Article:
A southwest Iowa farmer is sowing seeds for the future — not just for crops, but for fertile soil and clean water.
Kendell Vorthmann of Treynor has been selected for the 2019 Iowa Farm Environmental Leader Award, according to a letter from the Iowa Department of Agriculture and Land Stewardship. He was chosen because of his “proactive management and leadership to advance environmental stewardship and protect natural resources,” the letter stated. He qualified for the state contest by winning the title for West Pottawattamie County.
Gov. Kim Reynolds — along with Lt. Gov. Adam Gregg, Secretary of Agriculture Mike Naig and Department of Natural Resources Director Kayla Lyon — will present the award to Vorthmann during a ceremony on Aug. 14 at the Iowa State Fair. He will also receive a metal sign recognizing him for the award. Hagie Manufacturing Co. will sponsor a lunch in conjunction with the ceremony.
Vorthmann has taken several measures to prevent erosion, reduce nutrient runoff, and enhance habitat, according to his nomination by the Williams Family Children’s Trust, which owns some of the land Vorthmann and his wife, Stephani, farm. He has also helped neighbors install conservation practices, provides leadership for local, state and national boards and teaches 4-H classes.
They raise corn, soybeans and a small amount of alfalfa on about 400 acres of cropland that has been in the Williams family for more than 150 years, plus hundreds of acres they rent from other landowners and some that they are currently purchasing. They also have a cow-calf operation.
“My wife helps me a lot in the fall and spring when we’re busy,” Vorthmann said.
When things calm down on the farm, she works as a substitute teacher, he said.
Vorthmann has helped install more than 21,000 feet of narrow base terraces and two water and sediment control basins on the farm since 2017, the nomination stated.
“We try to no-till and keep terraces and headlands and waterways in good shape — support sustainable agriculture for generations to come,” he said. “A lot of years, it’s 100% no-till, if we don’t have some compaction or something.”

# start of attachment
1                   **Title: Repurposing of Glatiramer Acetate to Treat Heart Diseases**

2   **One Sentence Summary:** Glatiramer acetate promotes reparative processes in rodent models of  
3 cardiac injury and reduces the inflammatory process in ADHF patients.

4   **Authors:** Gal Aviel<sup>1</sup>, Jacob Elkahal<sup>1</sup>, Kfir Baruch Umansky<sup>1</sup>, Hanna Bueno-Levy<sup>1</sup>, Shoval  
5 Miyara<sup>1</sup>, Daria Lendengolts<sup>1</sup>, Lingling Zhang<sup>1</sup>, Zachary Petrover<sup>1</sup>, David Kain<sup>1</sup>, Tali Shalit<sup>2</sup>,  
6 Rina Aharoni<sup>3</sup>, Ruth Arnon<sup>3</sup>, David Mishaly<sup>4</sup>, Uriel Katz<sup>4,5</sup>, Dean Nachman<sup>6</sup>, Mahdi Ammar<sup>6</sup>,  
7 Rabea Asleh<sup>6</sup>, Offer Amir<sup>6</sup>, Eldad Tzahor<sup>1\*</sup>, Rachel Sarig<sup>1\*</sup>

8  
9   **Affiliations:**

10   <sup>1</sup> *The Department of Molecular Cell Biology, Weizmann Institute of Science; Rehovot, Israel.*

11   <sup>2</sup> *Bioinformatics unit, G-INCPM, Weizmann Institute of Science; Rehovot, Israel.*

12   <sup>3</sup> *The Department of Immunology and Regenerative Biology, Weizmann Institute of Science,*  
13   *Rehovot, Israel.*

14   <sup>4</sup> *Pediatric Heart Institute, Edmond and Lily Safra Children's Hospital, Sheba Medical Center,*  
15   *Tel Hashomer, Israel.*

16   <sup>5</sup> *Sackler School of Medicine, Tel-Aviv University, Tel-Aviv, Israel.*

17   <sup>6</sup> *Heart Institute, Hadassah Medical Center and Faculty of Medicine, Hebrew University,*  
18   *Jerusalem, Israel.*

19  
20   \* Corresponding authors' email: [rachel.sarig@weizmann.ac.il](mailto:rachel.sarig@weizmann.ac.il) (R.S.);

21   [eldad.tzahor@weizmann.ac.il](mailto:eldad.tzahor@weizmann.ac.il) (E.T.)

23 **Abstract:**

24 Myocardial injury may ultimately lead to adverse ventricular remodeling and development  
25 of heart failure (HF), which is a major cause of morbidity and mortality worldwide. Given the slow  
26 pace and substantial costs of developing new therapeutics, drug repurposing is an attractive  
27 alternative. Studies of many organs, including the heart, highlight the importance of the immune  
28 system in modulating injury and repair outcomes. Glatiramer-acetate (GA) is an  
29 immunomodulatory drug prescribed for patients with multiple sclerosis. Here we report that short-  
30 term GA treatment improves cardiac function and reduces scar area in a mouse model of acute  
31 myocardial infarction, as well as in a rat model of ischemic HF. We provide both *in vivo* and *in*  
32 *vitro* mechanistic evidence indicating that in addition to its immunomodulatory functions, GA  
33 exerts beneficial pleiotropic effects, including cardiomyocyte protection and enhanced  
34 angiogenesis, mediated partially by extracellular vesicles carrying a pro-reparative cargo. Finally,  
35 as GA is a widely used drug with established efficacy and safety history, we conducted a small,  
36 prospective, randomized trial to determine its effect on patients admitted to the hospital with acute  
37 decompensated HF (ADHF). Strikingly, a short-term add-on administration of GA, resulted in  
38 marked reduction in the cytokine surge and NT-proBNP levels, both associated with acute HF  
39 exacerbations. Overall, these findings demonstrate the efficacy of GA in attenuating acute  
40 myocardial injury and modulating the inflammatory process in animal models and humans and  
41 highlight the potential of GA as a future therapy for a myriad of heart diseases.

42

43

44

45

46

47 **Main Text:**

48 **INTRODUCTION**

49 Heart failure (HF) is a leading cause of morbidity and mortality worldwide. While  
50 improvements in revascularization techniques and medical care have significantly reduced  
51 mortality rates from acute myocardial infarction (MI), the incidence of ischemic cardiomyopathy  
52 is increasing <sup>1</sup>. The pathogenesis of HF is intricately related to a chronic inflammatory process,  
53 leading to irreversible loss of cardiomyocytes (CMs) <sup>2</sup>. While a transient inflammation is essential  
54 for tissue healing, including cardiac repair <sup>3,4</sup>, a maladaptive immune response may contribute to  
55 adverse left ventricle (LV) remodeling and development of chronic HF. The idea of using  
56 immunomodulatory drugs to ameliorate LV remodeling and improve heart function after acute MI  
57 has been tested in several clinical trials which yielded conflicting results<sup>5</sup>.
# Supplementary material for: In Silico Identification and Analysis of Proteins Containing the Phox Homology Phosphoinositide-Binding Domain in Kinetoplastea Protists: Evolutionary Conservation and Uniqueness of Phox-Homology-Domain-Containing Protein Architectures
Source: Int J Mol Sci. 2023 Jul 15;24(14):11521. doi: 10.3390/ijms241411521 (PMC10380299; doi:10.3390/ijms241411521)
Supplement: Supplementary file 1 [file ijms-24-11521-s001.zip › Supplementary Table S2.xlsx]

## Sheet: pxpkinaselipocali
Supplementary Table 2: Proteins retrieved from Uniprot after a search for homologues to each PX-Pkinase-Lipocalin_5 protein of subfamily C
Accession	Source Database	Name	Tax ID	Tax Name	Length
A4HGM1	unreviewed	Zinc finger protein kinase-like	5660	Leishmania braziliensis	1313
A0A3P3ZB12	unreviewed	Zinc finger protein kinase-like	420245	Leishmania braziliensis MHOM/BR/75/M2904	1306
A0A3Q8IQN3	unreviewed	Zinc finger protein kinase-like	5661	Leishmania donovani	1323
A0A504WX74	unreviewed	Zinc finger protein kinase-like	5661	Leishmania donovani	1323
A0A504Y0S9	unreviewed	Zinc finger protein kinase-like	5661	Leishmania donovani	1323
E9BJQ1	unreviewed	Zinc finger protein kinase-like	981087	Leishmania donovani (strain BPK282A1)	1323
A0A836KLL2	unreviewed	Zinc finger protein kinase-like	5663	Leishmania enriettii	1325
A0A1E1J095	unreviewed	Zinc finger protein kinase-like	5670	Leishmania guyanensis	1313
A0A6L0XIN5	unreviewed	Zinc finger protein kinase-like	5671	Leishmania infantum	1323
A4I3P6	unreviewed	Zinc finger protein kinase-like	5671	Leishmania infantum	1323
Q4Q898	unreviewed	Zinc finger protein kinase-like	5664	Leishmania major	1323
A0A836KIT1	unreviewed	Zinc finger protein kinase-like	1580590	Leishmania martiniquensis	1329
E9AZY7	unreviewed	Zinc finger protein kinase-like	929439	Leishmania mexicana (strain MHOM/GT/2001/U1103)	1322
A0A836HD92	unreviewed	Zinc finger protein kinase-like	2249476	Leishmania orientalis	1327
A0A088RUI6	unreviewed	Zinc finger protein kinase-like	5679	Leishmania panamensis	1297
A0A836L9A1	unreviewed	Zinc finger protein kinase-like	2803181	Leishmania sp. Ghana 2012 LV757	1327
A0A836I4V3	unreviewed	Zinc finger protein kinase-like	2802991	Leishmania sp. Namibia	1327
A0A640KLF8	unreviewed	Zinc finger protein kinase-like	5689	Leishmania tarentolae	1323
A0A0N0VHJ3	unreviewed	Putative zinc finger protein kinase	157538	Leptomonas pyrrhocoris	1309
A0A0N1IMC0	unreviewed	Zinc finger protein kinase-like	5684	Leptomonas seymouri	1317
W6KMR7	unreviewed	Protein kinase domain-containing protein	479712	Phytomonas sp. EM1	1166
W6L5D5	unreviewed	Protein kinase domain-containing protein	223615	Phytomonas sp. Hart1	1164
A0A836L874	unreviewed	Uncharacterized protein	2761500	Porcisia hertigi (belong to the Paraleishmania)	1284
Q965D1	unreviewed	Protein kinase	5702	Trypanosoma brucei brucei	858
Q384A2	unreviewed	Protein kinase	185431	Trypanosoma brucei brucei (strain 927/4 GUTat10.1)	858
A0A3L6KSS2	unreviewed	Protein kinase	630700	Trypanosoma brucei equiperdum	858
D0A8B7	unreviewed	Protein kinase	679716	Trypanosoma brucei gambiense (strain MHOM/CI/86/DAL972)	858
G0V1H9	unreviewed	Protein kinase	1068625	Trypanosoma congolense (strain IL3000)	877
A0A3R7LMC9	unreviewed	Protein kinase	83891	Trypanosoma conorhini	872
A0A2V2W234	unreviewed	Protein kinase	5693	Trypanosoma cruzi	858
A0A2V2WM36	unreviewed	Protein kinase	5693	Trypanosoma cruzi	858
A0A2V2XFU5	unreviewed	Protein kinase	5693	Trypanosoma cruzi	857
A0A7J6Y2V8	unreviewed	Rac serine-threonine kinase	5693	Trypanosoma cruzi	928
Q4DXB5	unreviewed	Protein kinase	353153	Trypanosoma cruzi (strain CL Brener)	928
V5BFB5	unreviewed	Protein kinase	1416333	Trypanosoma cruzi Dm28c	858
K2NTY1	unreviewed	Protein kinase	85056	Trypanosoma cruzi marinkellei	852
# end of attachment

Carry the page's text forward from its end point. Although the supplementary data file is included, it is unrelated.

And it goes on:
Two of the farms he tends are almost 100% terraced, he said.
Working with the Natural Resource Conservation Service, Vorthmann established and maintains a 36-acre wetland. This resulted in almost one acre of restored open water and associated wildlife habitat.
“It was a problem area in that it couldn’t be farmed” because it was often too wet, he said.
Vorthmann had the area seeded to native grasses and flowers in fall 2017 and had a contractor build a berm. He had to shred the vegetation once to knock down the weeds. The grass and flowers are now doing well and keeping down the weeds. The vegetation slows down runoff and helps prevent erosion.
“Any nutrients that may run off will stay in there instead of just running downstream,” he said. “There’s a few trees coming up. We’ll have to get those out of there.”
Every three to five years, a controlled burn will have to be done on the wetland, Vorthmann said.
“That’s part of keeping the trees out of it,” he said.
Vorthmann mowed eight acres of the site to prepare for 300 native milkweed plants donated by monarchwatch.org and planted by local volunteers. One pound of common milkweed seeds collected by hand was also planted.
He also talked to the NRCS to find out about new cover crop programs and shared the information with family, friends and acquaintances. He has planted more than 160 acres of cover crops in the past two years. He works with a soil analysis specialist to maintain soil health and fertility.
Vorthmann has met with the NRCS about starting an Environmental Quality Initiative Program for six acres of rough ground. If his application is accepted, he will disc the area, spray weeds and drill native plant seeds. He will then mow as needed for the next five years.
It only makes sense for farmers to use sustainable practices, Vorthmann said.
“We make our living from the land,” he said.
Vorthmann grew up on the Kirk and Lynell Vorthmann farm near Treynor – now farmed by his brother, Kelby — and earned a degree in ag business at Northwest Missouri State University. He got an off-farm job and farmed on the side for several years and started farming full time in 2011 after his father-in-law, Elton Young, retired. Kendell and Stephani live on his mother-in-law’s farm — the Shaw Farm — northeast of Treynor with their son, Kale, age 14, and daughter Ella, age 10.